Song’s rise highlights the freedom of psychological development Arsène Wenger gives his players and the importance of it. Pressed into the team at a young age and soon vilified for a disappointing performance in the defeat to Fulham, he went out on loan to regain some confidence. It took him a while to break through once he came back but gradually his game improved to become the rock he is now in the centre of midfield. At one moment it looked like the Cameroonian was set to become a central defender but never actually pushed, Wenger allowing his player to assimilate knowledge like a sponge so as to naturally develop his game.
Indeed training is rarely authoritative or bureaucratic. Players are expected to absorb the objective of drills (usually timed games to replicate moments of technique on the pitch) while feedback is given almost instantaneously on how to improve but never at any time meant to feel like your hand was being held or were being spoon-fed. It’s quite a contrast to the repetitious routines practiced by Rafa Benitez or Fabio Capello and while no method is definitive, it is Wenger’s trust in the spontaneity of his players which owes much to the style of football produced. In fact, back when Pep Guardiola was in charge of Barcelona’s ‘B’ side, he spent time studying Arsenal’s methods and was captivated by the way Wenger encouraged his players to express themselves on the pitch and with the pace and skill the ball was passed.
“We work a lot on the potential of combinations between players,” Wenger told French radio. “We plot it on the pitch and, once a player has the ball, there are red lights or green lights. The collective goal is to create the most possible green lights. That is to say to give passing solutions to the man with the ball and to leave the responsibility with that man to make the best choice possible, allowing the team to keep possession but at the same time – if possible – make the game progress towards the attack.
“So you must always offer the player solutions that allow him to utilise his intelligence around the game to the maximum.”
“For it to work, players must make themselves available and we work on that in training,” he told . “That’s where top-level sport becomes really interesting, in finding a way to have the team in a position of psychological comfort so that they can offer solutions. Because you know that, when doubt creeps in, the green lights become red lights. “Because each player takes fewer spontaneous initiatives and, all of a sudden, it’s absolutely unbelievable at what speed all those lights become red and the player with the ball finds himself in the shit.
“Doubt is the key enemy of our game but, eventually, we must at the same time give our team the sense of availability. And, on a psychological level, we must give them a taste for audacity and for developing connections between each other.” Indeed doubt also saw Aaron Ramsey withdrawn against Sunderland in the 1-0 defeat, the Wenger citing bad decision-making as the reason for his his bad performance. “A player who recieves the ball has to solve a millions problems within a fraction of a second; a great one is the one who chooses the right solution,” said manager in Phillipe Auclair’s Cantona: The Rebel who Would be King biography.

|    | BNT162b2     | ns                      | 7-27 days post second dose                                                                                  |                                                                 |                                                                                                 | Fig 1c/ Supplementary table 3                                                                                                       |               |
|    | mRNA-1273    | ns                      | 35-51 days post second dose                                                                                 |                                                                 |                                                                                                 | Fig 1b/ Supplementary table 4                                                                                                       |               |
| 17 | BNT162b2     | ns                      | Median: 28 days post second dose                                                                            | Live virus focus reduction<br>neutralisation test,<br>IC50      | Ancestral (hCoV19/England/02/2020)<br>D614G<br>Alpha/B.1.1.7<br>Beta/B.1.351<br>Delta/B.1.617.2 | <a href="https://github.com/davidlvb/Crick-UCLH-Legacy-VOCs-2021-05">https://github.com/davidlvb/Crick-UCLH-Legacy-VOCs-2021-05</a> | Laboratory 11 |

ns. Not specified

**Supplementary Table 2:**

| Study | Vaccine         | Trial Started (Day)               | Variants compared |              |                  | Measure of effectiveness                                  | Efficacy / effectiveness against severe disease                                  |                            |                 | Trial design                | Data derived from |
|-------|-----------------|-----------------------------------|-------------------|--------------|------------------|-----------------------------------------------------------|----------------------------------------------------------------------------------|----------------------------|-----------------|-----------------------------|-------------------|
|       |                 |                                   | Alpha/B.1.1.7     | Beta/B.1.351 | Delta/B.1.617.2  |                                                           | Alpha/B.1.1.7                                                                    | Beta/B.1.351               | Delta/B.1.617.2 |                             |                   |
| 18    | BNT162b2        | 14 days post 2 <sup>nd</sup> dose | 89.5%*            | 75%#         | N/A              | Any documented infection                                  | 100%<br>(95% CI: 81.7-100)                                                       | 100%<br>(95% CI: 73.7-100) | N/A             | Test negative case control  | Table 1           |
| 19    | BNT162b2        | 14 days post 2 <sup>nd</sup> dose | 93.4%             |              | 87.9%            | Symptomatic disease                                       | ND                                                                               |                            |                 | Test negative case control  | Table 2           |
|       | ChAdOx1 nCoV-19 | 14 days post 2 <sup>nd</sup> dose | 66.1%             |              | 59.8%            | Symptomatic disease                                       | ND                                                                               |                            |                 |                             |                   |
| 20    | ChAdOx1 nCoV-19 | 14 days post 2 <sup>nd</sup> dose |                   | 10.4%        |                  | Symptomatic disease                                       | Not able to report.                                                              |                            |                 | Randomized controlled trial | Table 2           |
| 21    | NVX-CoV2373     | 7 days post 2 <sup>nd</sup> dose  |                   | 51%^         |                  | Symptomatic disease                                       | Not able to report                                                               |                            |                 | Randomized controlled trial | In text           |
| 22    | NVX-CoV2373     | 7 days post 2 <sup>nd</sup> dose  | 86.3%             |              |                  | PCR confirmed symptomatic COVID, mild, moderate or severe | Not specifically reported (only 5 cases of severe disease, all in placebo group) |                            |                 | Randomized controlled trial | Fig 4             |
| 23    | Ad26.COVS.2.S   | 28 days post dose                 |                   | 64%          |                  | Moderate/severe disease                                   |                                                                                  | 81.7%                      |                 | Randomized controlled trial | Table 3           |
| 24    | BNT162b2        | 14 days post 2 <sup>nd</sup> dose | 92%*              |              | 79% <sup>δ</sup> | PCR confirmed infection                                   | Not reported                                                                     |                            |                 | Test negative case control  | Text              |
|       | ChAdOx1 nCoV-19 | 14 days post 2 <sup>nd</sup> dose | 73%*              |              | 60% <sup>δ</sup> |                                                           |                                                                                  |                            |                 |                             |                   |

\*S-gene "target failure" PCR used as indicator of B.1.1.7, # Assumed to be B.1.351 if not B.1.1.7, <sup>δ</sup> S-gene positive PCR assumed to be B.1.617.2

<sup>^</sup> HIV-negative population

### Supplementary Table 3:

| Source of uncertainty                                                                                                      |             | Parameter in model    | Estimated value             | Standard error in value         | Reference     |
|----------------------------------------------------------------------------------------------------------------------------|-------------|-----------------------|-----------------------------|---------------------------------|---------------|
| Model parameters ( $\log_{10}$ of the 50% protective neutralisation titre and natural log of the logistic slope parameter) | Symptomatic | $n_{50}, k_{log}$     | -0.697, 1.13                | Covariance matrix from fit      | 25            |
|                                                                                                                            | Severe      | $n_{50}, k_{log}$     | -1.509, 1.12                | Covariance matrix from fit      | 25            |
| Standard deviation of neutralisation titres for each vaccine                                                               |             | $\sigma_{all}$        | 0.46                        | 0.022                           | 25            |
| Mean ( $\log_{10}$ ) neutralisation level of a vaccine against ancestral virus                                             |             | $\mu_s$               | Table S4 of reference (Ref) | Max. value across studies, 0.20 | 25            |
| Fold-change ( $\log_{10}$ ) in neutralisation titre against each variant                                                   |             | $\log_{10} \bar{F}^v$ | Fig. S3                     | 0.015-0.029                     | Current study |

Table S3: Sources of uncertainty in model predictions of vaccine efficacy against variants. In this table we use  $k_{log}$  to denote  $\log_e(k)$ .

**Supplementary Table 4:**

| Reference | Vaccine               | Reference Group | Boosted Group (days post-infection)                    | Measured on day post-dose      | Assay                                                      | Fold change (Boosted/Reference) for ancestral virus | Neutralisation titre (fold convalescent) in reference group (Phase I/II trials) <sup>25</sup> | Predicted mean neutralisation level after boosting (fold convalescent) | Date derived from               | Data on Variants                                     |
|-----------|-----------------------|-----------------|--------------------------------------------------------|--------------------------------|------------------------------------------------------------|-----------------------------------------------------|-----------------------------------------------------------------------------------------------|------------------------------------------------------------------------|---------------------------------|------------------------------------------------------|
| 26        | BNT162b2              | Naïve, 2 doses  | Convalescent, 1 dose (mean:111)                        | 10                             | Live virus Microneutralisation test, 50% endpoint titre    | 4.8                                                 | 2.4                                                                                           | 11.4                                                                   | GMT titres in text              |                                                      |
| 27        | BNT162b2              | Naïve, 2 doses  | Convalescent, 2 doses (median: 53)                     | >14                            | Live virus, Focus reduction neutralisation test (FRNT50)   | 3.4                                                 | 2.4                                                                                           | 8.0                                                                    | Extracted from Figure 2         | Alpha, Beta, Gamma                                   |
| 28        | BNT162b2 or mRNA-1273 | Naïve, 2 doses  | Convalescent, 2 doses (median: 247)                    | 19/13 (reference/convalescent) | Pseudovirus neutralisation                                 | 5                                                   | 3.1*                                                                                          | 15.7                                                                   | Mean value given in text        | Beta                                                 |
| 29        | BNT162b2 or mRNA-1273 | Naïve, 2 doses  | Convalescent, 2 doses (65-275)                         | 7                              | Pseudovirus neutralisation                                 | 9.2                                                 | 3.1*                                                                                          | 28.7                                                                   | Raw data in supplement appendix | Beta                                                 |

Fans may be beguiled by the club’s failure to land a trophy in four years but Arsène Wenger is adamant that the club will get through this tumultuous period. He has recently stated that the last four years have been his best due to the difficulties in battling against an unforgiving environment. The temporary (it is hoped) youth policy may be arguable but as researched by Simon Kuper and Stefan Szymanski in Why England Lose – And Other Curious Football Phenomena, there is an importance of keeping your best players – wages dictate 92% of success. Indeed, one of the reasons former chairman David Dein is so keen to bring in an outside investor into the club is because wage bills are rising however with the strategy in place now, total wages only account to around 50% of total revenue, compared to around 80% for both Chelsea and Manchester United. The aim is to build around the current players, create a sense of belonging and loyalty thereby allowing success to be sustained.
There is more than trophies (although still a big part) the Frenchman is aiming to leave as his legacy to the club. There is a philosophy, an identity, a vision that Arsenal must strive towards, and in Arsène Wenger, a manager working his way to building an Arsenal that will last years to come.
Have a merry Christmas and a happy new year.
ARSÈNAL – The Making of a Modern Superclub by Alex Fynn and Kevin Whicher highlights the outstanding progress made by “Le Professeur” in more than a decade at the club. A fabulous insight to the strategies on and off the pitch put in place by Arsène Wenger during a tumultuous period of change, expectation, struggles and some disappointment. A must read book for all Arsenal fans and specifically relevant to the current period at this great club.
Tags: Analysis, Arsène Wenger, Arsenal, Pressing
Arsene Wenger’s tactical experiments in trying to secure a balance between attack and defence from his young side, has not gone all to plan this season.
With that defeat, Arsenal’s 21 game unbeaten league run came to an emphatic halt. And perhaps fittingly, that run which started at Chelsea and ended against the same club, reveals how much the two clubs have come since then.
On the face of it, a great deal hasn’t changed from the Chelsea under Luis Felipe Scolari and the one currently managed by Guus Hiddink. However the Dutchman has made the Blues hard to beat again, instilling a more cautious and efficient approach to their play which in reality is just like the Chelsea of old. Against Arsenal they were counter-attacking, letting their opponents to do most of the running before hitting them with a sucker-punch. The return of Essien has been most important and the Ghanaian allows the team to be more dominant in the centre and control space better.